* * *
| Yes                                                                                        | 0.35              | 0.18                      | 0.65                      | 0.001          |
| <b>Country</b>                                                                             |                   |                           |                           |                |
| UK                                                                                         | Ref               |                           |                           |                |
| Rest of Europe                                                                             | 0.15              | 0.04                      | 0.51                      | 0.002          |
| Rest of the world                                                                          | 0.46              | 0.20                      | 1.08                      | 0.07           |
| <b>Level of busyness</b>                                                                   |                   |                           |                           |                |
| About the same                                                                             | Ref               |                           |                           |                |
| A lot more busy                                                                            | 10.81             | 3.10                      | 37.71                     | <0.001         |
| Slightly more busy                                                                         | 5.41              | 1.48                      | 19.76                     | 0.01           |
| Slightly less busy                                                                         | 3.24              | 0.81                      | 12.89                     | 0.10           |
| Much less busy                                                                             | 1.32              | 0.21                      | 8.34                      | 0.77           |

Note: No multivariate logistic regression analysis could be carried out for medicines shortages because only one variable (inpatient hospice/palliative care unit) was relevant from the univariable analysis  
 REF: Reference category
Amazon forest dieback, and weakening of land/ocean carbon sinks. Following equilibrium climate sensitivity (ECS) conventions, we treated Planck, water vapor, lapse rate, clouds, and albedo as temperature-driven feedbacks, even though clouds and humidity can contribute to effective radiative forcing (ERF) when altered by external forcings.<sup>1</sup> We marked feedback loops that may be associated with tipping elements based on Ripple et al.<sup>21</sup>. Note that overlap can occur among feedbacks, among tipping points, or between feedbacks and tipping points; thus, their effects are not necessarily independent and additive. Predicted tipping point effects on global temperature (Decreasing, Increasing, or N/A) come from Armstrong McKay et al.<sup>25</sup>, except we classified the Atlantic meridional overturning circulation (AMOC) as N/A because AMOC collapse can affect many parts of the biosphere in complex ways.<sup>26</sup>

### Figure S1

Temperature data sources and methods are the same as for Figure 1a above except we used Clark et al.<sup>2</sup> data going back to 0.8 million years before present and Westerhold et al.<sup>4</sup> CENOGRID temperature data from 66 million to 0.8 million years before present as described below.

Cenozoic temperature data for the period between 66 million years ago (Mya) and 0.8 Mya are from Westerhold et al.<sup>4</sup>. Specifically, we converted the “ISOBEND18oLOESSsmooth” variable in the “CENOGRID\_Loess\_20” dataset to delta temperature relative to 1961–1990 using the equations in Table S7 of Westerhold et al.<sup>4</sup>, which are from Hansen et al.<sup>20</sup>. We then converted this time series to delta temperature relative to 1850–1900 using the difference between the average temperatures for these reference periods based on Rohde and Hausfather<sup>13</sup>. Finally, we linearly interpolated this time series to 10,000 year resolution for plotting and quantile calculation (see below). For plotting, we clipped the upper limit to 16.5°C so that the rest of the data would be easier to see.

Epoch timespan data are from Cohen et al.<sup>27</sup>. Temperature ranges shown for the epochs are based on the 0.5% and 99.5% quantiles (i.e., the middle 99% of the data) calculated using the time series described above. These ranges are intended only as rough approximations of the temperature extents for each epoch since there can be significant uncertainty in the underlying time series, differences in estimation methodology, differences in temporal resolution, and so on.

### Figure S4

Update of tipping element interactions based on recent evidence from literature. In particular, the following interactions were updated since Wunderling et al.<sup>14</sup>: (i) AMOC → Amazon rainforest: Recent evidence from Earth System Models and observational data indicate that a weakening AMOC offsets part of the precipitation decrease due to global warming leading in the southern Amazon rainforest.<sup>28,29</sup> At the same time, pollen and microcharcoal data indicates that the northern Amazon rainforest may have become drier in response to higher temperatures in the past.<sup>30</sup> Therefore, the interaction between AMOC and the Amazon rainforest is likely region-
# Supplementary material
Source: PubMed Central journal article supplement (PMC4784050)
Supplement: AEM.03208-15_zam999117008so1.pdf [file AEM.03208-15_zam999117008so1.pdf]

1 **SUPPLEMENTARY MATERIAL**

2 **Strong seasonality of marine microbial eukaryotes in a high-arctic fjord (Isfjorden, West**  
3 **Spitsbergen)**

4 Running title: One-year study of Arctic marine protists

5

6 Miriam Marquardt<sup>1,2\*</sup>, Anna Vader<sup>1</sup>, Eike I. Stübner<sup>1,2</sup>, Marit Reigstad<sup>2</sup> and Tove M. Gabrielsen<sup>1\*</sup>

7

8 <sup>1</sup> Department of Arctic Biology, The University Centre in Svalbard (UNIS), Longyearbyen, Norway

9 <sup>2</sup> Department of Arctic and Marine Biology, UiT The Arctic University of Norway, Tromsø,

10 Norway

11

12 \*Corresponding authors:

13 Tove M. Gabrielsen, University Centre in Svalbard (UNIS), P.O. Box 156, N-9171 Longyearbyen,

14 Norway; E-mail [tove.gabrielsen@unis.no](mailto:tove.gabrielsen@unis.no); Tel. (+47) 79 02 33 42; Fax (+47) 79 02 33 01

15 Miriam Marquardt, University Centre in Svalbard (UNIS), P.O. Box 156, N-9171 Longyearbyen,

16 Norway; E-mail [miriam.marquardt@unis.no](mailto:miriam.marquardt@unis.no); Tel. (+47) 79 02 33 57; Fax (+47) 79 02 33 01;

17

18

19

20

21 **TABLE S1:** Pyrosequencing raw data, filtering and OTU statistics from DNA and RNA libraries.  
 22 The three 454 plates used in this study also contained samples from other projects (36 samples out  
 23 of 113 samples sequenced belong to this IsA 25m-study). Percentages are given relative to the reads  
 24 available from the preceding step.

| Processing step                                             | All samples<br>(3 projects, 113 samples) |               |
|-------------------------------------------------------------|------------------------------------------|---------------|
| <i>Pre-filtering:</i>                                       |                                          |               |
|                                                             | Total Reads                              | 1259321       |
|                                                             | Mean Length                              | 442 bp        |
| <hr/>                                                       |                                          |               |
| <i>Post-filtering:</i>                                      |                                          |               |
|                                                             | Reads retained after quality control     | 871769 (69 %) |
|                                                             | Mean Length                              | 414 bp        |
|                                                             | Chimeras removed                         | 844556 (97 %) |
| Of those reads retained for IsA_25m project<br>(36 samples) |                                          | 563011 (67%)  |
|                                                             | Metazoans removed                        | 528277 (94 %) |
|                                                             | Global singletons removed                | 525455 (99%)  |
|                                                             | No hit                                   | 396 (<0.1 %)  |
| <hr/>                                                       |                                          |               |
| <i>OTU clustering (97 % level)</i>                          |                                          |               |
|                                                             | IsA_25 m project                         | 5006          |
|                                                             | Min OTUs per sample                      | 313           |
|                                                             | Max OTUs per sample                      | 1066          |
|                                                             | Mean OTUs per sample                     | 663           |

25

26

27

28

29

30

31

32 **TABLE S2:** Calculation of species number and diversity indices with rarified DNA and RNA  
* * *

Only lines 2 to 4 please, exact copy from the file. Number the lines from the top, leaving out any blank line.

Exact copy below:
| <b>Country</b>                                                                             |                   |                           |                           |                |
| UK                                                                                         | Ref               |                           |                           |                |
| Rest of Europe                                                                             | 0.15              | 0.04                      | 0.51                      | 0.002          |